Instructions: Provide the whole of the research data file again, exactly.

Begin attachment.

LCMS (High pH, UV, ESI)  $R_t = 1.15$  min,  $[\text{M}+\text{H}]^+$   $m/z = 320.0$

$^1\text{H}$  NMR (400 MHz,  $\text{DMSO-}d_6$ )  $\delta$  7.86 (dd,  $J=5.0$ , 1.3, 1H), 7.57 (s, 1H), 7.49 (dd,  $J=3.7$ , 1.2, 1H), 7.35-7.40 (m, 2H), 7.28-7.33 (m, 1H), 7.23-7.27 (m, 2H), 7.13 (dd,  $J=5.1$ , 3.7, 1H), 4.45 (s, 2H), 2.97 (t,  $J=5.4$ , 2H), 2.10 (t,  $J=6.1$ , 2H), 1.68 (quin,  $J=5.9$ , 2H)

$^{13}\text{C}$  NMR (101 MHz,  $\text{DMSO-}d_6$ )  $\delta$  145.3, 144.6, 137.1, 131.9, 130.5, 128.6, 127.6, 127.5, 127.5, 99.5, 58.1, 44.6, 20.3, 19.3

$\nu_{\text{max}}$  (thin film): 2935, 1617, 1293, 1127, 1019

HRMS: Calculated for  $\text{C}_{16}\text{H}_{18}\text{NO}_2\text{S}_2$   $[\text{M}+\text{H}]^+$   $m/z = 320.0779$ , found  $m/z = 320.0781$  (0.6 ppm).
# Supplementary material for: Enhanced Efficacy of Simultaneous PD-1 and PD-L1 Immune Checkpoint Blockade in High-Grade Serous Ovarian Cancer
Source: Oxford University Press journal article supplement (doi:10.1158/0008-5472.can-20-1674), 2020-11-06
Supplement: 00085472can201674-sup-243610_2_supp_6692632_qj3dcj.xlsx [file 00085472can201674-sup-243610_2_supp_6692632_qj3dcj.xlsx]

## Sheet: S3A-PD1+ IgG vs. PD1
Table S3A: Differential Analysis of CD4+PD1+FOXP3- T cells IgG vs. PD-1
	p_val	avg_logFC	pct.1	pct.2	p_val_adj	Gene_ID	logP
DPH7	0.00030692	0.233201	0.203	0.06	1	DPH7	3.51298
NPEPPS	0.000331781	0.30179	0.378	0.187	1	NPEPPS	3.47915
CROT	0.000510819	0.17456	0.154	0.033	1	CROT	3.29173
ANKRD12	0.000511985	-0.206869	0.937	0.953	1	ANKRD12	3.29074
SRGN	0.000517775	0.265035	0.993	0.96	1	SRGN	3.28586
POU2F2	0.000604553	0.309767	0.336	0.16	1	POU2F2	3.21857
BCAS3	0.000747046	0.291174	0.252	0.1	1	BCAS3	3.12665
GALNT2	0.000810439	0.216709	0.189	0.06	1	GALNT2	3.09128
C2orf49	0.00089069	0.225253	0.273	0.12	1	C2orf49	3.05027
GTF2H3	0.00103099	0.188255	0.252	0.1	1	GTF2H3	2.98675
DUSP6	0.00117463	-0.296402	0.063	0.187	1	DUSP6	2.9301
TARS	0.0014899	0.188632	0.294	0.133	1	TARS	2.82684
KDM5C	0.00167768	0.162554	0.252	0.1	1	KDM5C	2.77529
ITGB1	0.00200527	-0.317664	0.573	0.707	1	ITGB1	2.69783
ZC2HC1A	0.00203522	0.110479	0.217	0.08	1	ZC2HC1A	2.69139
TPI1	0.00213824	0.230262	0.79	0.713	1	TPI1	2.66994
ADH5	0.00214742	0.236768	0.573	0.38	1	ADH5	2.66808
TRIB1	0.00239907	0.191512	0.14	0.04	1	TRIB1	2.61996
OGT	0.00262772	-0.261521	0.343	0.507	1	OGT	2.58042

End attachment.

LCMS (High pH, UV, ESI)  $R_t = 1.15$  min,  $[\text{M}+\text{H}]^+$   $m/z = 320.0$

$^1\text{H}$  NMR (400 MHz,  $\text{DMSO-}d_6$ )  $\delta$  7.86 (dd,  $J=5.0$ , 1.3, 1H), 7.57 (s, 1H), 7.49 (dd,  $J=3.7$ , 1.2, 1H), 7.35-7.40 (m, 2H), 7.28-7.33 (m, 1H), 7.23-7.27 (m, 2H), 7.13 (dd,  $J=5.1$ , 3.7, 1H), 4.45 (s, 2H), 2.97 (t,  $J=5.4$ , 2H), 2.10 (t,  $J=6.1$ , 2H), 1.68 (quin,  $J=5.9$ , 2H)

$^{13}\text{C}$  NMR (101 MHz,  $\text{DMSO-}d_6$ )  $\delta$  145.3, 144.6, 137.1, 131.9, 130.5, 128.6, 127.6, 127.5, 127.5, 99.5, 58.1, 44.6, 20.3, 19.3

$\nu_{\text{max}}$  (thin film): 2935, 1617, 1293, 1127, 1019

HRMS: Calculated for  $\text{C}_{16}\text{H}_{18}\text{NO}_2\text{S}_2$   $[\text{M}+\text{H}]^+$   $m/z = 320.0779$ , found  $m/z = 320.0781$  (0.6 ppm).
# Supplementary material for: Enhanced Efficacy of Simultaneous PD-1 and PD-L1 Immune Checkpoint Blockade in High-Grade Serous Ovarian Cancer
Source: Oxford University Press journal article supplement (doi:10.1158/0008-5472.can-20-1674), 2020-11-06
Supplement: 00085472can201674-sup-243610_2_supp_6692632_qj3dcj.xlsx [file 00085472can201674-sup-243610_2_supp_6692632_qj3dcj.xlsx]

## Sheet: S3A-PD1+ IgG vs. PD1
Table S3A: Differential Analysis of CD4+PD1+FOXP3- T cells IgG vs. PD-1
	p_val	avg_logFC	pct.1	pct.2	p_val_adj	Gene_ID	logP
DPH7	0.00030692	0.233201	0.203	0.06	1	DPH7	3.51298
NPEPPS	0.000331781	0.30179	0.378	0.187	1	NPEPPS	3.47915
CROT	0.000510819	0.17456	0.154	0.033	1	CROT	3.29173
ANKRD12	0.000511985	-0.206869	0.937	0.953	1	ANKRD12	3.29074
SRGN	0.000517775	0.265035	0.993	0.96	1	SRGN	3.28586
POU2F2	0.000604553	0.309767	0.336	0.16	1	POU2F2	3.21857
BCAS3	0.000747046	0.291174	0.252	0.1	1	BCAS3	3.12665
GALNT2	0.000810439	0.216709	0.189	0.06	1	GALNT2	3.09128
C2orf49	0.00089069	0.225253	0.273	0.12	1	C2orf49	3.05027
GTF2H3	0.00103099	0.188255	0.252	0.1	1	GTF2H3	2.98675
DUSP6	0.00117463	-0.296402	0.063	0.187	1	DUSP6	2.9301
TARS	0.0014899	0.188632	0.294	0.133	1	TARS	2.82684
KDM5C	0.00167768	0.162554	0.252	0.1	1	KDM5C	2.77529
ITGB1	0.00200527	-0.317664	0.573	0.707	1	ITGB1	2.69783
ZC2HC1A	0.00203522	0.110479	0.217	0.08	1	ZC2HC1A	2.69139
TPI1	0.00213824	0.230262	0.79	0.713	1	TPI1	2.66994
ADH5	0.00214742	0.236768	0.573	0.38	1	ADH5	2.66808
TRIB1	0.00239907	0.191512	0.14	0.04	1	TRIB1	2.61996
OGT	0.00262772	-0.261521	0.343	0.507	1	OGT	2.58042